Community corrections ordinarily ensure that there is a home phone line at the residence and that anyone else who resides at the place is properly informed of the circumstances relating to the bailed person. Home detention bail is overseen by community corrections and ordinarily involves electronic monitoring of the bailed person.
Failing to attend court by the bail undertaking
Failure to attend court to answer a bail undertaking ordinarily results in the court issuing a bench warrant for the accused person’s arrest. It is also likely for the accused to be charged with the offence of breach of a bail undertaking which carries a potential term of imprisonment.
The accused also runs the risk of their bail being revoked and being remanded in custody while their matter proceeds through the court system.
Can I ask for my bail conditions to be changed?
If you are on bail you can apply to the court for a variation of your bail conditions. This can be done on your next due court date or you can early list your charges before the court to make the application.
You need to have a proper and valid reason why you want a particular condition of your bail to be varied or deleted. You will also need evidence supporting your reasons. Some examples where a person needs to vary their bail conditions might include:
- Change of residential address;
- Reporting to a different police station in circumstances where a person has moved addresses;
- Change of days or deletion of requirement to report to the police station because the condition is interfering with the ability to work; and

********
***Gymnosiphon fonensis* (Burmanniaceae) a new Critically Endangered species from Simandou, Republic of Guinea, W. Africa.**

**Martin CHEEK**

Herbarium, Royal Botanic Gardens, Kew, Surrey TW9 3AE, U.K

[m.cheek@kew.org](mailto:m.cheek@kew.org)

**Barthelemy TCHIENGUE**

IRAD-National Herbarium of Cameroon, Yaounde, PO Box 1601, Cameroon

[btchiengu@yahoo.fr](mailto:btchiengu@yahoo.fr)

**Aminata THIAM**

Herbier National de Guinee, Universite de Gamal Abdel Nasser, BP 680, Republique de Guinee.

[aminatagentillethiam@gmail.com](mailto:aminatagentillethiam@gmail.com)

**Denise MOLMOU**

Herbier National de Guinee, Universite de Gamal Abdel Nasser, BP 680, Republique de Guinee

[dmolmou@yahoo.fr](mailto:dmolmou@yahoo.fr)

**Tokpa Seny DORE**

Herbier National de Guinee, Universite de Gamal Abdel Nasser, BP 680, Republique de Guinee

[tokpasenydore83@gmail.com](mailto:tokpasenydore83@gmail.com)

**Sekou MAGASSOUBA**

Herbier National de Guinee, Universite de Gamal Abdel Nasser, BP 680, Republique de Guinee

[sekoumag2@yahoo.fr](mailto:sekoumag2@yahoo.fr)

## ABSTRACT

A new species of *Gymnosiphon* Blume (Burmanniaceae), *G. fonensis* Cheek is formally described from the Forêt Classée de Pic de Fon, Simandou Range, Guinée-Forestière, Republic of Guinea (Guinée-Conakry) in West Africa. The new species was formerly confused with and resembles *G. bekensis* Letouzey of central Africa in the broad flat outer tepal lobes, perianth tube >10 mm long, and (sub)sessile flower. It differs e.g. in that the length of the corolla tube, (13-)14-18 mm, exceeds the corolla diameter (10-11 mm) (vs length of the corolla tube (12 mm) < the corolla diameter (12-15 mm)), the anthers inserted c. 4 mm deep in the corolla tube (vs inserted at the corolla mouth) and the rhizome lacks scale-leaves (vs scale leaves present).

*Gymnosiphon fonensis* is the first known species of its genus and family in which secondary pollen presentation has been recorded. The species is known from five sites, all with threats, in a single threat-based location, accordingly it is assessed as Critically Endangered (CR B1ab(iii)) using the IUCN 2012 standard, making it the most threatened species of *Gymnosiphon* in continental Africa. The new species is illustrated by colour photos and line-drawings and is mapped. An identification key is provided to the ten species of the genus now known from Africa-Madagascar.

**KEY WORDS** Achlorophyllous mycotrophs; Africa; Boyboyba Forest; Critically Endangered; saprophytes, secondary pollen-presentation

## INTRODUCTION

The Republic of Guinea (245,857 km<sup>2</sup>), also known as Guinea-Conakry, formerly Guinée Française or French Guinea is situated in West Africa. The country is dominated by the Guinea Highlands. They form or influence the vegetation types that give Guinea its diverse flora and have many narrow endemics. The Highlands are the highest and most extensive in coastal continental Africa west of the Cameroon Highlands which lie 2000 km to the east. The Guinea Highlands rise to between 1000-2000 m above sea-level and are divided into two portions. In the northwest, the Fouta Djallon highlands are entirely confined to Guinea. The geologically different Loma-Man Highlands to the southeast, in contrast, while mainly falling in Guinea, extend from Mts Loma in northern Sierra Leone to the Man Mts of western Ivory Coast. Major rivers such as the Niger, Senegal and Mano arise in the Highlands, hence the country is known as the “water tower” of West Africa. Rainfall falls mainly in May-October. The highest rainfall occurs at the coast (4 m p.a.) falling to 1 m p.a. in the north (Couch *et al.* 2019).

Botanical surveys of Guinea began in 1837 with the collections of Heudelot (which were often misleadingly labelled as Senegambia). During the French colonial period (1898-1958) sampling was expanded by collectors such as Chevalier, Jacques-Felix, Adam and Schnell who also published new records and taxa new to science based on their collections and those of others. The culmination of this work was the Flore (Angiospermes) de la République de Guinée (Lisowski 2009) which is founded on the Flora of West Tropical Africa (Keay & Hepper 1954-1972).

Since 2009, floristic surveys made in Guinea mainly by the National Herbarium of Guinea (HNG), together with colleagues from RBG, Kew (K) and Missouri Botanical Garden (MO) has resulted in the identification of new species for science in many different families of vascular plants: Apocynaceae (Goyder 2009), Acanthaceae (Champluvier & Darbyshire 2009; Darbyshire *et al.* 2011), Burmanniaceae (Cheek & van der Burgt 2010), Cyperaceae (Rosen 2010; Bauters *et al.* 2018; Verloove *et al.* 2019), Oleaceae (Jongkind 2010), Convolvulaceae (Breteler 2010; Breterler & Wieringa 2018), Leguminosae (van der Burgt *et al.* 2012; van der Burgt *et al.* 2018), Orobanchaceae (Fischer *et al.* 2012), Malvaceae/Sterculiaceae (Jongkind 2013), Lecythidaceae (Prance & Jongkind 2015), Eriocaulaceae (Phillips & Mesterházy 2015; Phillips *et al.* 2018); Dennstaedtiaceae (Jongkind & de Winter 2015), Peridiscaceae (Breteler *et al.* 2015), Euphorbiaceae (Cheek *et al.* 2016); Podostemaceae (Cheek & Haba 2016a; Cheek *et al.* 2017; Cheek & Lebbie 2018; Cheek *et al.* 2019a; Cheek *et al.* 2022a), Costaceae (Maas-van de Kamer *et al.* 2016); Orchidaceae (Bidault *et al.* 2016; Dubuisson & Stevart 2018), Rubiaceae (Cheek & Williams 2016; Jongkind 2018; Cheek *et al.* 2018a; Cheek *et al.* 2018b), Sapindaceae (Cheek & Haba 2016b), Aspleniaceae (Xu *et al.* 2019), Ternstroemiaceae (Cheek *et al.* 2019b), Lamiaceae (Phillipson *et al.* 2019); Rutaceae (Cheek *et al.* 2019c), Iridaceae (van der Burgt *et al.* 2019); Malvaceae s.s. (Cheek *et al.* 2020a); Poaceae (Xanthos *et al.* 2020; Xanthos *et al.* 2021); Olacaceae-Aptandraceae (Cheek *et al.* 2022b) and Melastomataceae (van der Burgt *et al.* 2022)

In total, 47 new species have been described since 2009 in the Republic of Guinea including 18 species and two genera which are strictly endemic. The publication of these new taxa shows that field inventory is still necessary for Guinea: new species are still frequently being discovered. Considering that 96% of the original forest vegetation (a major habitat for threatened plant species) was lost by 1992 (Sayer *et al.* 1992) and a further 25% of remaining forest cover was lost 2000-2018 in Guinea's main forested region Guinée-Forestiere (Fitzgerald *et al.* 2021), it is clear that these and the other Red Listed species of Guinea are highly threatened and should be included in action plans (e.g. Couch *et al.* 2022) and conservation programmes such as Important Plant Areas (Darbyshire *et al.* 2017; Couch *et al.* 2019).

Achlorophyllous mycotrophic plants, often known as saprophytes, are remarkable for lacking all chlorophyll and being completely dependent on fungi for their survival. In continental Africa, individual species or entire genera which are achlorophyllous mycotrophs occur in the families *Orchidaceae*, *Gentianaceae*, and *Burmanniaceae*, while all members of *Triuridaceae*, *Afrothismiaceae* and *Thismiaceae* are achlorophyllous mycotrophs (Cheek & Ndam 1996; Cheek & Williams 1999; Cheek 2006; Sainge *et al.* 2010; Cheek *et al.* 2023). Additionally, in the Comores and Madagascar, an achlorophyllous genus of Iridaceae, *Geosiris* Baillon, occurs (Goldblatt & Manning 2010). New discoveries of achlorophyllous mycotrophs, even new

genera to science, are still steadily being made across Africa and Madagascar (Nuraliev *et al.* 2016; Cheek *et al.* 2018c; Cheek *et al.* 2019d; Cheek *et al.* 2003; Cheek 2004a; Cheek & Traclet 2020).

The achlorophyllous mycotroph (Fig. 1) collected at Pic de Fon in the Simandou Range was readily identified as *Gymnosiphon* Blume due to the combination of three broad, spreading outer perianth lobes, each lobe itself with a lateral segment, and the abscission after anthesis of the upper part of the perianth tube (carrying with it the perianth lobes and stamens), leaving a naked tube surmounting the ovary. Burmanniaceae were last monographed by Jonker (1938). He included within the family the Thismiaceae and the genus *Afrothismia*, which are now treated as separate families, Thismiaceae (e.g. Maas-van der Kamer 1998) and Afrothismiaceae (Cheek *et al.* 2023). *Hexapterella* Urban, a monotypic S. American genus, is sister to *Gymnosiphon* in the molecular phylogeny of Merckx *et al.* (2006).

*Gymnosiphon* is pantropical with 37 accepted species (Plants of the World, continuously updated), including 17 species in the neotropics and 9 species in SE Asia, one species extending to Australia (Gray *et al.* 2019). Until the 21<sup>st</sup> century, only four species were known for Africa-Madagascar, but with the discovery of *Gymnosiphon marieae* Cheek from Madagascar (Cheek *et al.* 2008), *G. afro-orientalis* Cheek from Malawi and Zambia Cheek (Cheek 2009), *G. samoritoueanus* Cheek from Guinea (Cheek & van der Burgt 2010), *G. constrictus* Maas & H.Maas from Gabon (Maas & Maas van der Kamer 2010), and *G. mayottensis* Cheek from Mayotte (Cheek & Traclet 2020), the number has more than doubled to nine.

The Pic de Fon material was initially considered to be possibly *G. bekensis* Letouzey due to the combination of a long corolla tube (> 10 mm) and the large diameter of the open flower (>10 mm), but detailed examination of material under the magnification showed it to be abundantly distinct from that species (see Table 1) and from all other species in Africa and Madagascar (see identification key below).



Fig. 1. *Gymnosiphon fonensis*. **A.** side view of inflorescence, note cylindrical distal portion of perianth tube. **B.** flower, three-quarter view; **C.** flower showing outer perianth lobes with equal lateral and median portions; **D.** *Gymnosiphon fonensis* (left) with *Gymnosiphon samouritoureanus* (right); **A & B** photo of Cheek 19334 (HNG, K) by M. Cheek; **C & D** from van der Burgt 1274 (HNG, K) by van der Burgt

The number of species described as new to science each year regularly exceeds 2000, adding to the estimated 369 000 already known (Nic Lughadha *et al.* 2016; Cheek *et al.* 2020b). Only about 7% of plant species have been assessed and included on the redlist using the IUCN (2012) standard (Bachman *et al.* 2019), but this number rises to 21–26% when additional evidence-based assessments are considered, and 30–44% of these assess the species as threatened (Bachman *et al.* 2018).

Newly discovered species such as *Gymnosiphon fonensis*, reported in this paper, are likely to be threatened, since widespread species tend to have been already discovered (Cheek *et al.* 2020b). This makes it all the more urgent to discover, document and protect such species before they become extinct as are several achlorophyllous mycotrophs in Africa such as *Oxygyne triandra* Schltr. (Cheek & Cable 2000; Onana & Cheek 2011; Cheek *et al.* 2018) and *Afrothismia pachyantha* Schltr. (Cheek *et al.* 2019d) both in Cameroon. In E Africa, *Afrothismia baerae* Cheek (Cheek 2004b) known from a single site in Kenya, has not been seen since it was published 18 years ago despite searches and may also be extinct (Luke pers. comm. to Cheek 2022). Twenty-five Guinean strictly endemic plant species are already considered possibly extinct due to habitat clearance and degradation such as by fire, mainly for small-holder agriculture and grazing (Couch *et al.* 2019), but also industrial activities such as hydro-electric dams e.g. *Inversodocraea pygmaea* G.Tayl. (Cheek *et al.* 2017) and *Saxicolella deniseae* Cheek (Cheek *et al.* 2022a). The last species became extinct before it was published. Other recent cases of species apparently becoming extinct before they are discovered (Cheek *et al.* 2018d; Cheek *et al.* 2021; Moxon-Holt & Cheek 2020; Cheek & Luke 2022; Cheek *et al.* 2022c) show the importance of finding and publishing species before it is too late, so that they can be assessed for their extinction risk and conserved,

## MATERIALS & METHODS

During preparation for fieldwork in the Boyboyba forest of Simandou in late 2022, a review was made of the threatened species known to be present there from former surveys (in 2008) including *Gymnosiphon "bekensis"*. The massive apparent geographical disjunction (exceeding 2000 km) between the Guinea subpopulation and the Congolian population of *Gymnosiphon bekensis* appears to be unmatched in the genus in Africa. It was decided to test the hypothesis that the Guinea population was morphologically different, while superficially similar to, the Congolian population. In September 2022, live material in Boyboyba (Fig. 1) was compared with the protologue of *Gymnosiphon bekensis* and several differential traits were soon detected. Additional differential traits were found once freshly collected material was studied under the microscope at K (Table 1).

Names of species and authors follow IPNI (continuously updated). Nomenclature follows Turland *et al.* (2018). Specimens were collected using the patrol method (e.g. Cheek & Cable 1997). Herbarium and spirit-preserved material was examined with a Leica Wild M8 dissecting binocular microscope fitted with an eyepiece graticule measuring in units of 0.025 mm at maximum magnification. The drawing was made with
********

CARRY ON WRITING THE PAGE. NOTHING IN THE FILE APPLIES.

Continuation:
- Seeking to travel interstate or overseas for work or family commitments.
What if bail is refused? Can I make another application?
It is possible to have a bail application reheard by the same court that initially refused bail where:
- new facts have been discovered, new circumstances have arisen or the circumstances have changed since bail was refused; or
- where the accused failed to adequately present the case for bail when it was last presented.
Where home detention bail is granted, an accused may make another bail application for bail (without the home detention requirement) where they have complied with the home detention bail for 1 month or more.
If an accused has their bail refused by the Magistrates Court or the District Court, they can make an application for bail in the Supreme Court where the application will be heard afresh.
What are the consequences of breaching bail conditions?
Consequences for failing to comply with bail conditions vary depending on the severity of the breach. Sometimes an accused on bail may fail to attend court due to illness.
Where this is the case, it is important to obtain a medical certificate that confirms the accused person is unfit to attend court on the date of the hearing. The certificate should be emailed to the court as soon as practicable with a covering email explaining the absence and a request for an adjournment.
Without a medical certificate being sent to the court, the court will likely issue an arrest warrant.
If an arrest warrant is issued the accused should answer the warrant by attending the court or the nearest police station as soon as possible in the early morning of the next business day. Taking ownership of their mistake at an early stage will significantly increase their chance of having their bail reinstated.
Where a person repeatedly breaches their bail conditions, the prosecution may apply to the court for an order revoking bail. This may also carry a charge of breach of bail, which carries a fine of $10,000 or imprisonment for a term of not exceeding 3 years, or both.
Presumption against granting bail and exceptional reasons for bail to be granted?